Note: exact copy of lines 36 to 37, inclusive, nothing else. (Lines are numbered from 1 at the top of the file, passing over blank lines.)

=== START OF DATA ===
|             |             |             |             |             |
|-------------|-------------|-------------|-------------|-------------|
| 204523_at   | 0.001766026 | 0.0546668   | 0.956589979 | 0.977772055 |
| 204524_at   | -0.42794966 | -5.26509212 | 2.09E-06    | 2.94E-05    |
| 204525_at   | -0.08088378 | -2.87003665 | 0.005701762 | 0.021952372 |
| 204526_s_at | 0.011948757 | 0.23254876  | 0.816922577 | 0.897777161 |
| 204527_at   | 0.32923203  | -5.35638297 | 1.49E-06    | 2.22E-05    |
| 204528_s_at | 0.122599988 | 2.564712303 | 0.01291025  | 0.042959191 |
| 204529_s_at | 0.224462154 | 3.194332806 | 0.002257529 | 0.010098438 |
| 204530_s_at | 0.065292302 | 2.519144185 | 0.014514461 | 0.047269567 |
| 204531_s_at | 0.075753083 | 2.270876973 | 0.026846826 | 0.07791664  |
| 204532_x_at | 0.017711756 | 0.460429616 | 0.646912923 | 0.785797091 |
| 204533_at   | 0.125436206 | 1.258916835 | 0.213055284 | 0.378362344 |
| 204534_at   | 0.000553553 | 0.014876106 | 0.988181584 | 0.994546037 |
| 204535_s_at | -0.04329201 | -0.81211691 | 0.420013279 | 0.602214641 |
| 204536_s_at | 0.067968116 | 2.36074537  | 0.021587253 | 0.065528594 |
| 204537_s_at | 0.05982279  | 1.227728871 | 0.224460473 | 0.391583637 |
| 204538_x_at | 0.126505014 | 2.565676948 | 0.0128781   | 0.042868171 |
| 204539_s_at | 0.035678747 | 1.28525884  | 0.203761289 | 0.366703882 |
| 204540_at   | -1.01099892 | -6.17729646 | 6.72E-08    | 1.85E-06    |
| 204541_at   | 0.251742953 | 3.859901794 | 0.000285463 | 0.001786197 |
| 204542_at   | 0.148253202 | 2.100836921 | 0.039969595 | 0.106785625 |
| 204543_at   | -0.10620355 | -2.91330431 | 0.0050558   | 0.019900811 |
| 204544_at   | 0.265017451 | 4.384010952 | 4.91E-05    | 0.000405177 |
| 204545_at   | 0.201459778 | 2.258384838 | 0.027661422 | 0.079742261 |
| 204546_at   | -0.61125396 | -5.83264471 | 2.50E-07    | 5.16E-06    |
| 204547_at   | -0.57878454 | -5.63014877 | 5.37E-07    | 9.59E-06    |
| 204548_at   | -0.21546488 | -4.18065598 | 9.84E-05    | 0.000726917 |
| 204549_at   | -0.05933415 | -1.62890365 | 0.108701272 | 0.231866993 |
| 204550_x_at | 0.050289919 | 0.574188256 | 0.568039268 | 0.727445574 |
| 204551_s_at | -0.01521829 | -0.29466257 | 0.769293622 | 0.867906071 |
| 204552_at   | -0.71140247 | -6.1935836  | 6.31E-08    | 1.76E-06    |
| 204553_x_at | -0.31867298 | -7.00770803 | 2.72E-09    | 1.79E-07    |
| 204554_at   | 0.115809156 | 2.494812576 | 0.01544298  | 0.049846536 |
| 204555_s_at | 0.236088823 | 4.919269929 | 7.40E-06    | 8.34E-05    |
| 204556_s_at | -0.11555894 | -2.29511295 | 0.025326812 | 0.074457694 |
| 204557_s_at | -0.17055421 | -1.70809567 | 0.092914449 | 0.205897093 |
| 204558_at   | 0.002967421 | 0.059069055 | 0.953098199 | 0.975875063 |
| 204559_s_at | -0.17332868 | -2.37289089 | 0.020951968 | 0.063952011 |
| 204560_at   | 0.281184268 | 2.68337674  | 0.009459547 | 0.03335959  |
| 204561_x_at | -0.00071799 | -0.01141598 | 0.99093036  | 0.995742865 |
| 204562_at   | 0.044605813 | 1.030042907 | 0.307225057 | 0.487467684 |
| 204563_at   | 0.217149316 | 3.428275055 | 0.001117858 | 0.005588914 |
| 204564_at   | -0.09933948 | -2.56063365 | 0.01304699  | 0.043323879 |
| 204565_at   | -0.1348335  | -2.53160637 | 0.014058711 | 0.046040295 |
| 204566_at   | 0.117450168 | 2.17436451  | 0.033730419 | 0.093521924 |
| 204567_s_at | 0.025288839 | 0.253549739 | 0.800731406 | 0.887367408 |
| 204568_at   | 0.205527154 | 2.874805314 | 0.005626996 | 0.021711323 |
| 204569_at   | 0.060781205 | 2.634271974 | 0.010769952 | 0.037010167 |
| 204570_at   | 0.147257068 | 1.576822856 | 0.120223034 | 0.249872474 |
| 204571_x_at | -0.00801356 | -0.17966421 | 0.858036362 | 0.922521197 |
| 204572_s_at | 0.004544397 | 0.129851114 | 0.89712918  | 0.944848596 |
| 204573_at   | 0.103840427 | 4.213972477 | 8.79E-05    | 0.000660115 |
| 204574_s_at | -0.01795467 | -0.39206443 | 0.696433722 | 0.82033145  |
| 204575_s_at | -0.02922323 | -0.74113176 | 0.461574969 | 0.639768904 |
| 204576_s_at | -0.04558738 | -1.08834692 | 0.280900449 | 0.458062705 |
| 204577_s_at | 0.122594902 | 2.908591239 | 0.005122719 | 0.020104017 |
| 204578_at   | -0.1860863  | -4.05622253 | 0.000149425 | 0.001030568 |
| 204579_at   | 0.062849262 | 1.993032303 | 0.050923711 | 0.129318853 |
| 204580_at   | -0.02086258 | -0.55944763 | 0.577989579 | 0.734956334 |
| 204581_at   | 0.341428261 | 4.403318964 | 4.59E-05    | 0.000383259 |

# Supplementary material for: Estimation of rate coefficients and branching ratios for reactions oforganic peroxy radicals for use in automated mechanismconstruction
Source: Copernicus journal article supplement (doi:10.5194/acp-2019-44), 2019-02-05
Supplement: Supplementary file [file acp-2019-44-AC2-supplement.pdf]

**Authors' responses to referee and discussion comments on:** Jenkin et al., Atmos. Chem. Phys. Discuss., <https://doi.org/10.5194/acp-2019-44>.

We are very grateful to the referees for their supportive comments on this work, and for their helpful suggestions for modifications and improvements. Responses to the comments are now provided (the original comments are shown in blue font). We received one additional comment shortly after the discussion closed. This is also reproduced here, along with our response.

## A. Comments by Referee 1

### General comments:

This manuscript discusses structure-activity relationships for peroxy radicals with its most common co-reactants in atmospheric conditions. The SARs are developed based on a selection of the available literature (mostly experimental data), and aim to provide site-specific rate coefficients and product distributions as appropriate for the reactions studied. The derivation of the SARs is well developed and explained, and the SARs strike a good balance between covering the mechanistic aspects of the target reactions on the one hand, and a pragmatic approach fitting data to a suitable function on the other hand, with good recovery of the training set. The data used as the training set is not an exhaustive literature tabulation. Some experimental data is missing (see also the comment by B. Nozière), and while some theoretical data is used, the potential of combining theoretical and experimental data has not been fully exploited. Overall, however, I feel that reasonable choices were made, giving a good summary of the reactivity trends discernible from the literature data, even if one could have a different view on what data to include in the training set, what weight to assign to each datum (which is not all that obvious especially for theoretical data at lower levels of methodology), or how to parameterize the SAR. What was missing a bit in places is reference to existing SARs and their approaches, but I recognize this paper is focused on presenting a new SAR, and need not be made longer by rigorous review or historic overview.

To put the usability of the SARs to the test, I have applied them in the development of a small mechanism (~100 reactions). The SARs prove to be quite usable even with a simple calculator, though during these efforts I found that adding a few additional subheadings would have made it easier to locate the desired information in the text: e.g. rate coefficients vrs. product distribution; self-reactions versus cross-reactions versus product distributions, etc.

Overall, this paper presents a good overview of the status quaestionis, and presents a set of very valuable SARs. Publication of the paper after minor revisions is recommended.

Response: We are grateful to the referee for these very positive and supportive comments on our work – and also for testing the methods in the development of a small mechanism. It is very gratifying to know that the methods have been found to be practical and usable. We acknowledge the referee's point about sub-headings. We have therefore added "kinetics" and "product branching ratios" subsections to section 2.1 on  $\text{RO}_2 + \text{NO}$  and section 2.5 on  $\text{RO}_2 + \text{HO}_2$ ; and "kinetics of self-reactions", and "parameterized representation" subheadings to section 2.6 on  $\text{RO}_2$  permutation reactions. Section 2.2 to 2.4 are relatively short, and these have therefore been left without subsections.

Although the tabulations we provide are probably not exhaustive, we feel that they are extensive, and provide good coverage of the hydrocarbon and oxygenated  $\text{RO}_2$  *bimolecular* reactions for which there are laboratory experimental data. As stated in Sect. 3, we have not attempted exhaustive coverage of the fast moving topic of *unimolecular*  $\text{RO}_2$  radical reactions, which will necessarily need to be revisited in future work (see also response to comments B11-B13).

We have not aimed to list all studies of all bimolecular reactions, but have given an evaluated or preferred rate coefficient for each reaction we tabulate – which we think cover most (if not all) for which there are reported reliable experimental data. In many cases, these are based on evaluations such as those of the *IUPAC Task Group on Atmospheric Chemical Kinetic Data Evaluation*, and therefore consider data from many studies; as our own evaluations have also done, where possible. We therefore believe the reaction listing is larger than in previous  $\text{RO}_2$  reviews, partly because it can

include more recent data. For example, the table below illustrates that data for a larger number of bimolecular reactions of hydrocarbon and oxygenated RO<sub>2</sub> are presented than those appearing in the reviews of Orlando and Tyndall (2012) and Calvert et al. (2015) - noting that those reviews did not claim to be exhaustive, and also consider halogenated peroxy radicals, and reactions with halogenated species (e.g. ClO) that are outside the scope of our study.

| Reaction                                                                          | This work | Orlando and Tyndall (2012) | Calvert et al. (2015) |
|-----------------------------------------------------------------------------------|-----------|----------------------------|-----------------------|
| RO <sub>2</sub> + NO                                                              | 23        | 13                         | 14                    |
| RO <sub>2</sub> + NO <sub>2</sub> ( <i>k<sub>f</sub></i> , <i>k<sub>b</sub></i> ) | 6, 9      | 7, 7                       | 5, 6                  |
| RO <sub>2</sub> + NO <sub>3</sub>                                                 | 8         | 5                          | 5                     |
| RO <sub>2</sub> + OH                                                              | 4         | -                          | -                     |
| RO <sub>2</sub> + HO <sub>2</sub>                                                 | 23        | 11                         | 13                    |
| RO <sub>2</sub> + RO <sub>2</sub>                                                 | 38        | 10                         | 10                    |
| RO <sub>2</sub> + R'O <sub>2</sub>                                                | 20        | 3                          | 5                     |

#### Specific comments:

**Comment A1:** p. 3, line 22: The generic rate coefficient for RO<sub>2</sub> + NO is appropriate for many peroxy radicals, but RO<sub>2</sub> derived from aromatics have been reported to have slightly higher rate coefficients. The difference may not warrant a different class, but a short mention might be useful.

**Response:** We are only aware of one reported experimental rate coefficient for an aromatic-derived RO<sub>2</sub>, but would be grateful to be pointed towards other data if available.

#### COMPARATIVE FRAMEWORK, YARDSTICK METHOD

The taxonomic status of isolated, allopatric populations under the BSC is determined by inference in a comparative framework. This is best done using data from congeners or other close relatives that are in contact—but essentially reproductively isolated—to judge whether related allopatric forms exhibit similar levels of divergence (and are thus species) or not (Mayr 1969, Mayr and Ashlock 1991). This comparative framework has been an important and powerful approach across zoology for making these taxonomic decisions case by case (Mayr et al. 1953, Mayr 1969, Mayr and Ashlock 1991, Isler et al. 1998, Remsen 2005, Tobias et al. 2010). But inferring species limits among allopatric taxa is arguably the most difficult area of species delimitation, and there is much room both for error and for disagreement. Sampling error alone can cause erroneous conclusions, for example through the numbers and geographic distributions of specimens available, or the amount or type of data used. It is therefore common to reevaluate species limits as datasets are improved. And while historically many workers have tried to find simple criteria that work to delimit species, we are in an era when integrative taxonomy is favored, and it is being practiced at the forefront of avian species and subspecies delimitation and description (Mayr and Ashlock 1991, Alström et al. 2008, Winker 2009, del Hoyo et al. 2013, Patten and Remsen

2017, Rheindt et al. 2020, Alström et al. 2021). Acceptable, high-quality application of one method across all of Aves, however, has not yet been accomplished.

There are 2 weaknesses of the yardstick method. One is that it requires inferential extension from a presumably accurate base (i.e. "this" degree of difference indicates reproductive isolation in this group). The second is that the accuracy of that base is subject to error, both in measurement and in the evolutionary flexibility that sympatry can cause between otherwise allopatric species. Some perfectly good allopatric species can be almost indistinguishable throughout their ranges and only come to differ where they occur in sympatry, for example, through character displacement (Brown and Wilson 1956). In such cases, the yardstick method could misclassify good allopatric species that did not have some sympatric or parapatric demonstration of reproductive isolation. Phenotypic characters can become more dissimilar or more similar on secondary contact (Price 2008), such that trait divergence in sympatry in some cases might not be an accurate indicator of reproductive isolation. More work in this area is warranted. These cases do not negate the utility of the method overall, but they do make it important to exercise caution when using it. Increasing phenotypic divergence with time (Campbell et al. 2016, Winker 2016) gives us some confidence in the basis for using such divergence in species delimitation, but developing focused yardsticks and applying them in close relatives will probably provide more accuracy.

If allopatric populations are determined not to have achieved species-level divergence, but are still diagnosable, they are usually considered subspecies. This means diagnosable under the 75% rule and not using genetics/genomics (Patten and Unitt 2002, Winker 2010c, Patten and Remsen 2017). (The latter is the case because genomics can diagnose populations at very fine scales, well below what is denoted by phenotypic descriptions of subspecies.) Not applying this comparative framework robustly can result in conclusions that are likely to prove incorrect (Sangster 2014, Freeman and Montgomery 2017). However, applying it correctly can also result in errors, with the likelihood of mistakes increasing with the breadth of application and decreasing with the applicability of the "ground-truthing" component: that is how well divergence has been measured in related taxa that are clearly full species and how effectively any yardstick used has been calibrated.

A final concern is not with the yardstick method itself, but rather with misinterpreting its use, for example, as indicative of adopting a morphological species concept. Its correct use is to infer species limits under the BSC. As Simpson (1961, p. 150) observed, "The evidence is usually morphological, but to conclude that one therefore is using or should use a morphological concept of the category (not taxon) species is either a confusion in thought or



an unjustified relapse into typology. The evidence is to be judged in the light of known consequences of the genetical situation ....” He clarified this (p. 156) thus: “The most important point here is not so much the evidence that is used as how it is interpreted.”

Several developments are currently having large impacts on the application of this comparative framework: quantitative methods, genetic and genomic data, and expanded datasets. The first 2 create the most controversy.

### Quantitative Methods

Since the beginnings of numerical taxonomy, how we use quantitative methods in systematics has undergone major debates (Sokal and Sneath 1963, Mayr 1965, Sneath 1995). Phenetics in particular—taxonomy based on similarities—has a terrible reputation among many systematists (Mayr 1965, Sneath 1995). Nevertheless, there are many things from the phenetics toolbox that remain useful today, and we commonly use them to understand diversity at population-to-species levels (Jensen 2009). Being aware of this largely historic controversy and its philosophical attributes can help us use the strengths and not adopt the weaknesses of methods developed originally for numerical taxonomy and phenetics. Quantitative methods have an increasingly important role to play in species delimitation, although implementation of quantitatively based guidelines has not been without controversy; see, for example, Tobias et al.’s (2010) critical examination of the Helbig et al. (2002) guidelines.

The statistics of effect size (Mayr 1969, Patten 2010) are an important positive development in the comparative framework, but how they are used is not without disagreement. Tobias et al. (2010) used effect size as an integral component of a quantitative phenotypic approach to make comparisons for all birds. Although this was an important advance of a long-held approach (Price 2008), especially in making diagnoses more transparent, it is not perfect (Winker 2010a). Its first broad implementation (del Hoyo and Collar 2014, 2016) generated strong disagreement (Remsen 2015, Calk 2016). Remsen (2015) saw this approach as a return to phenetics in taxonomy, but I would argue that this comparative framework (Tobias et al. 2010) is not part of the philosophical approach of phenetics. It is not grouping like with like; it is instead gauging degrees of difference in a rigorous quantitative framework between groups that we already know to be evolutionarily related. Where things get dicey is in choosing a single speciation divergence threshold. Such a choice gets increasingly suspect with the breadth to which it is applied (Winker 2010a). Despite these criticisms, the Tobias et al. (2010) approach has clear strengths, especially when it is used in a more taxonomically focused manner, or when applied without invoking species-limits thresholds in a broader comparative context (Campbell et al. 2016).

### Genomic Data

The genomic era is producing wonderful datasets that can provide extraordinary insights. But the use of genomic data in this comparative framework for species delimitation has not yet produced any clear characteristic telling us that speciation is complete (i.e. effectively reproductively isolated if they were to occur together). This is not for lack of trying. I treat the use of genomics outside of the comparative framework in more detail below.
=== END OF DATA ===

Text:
| 204556_s_at | -0.11555894 | -2.29511295 | 0.025326812 | 0.074457694 |
| 204557_s_at | -0.17055421 | -1.70809567 | 0.092914449 | 0.205897093 |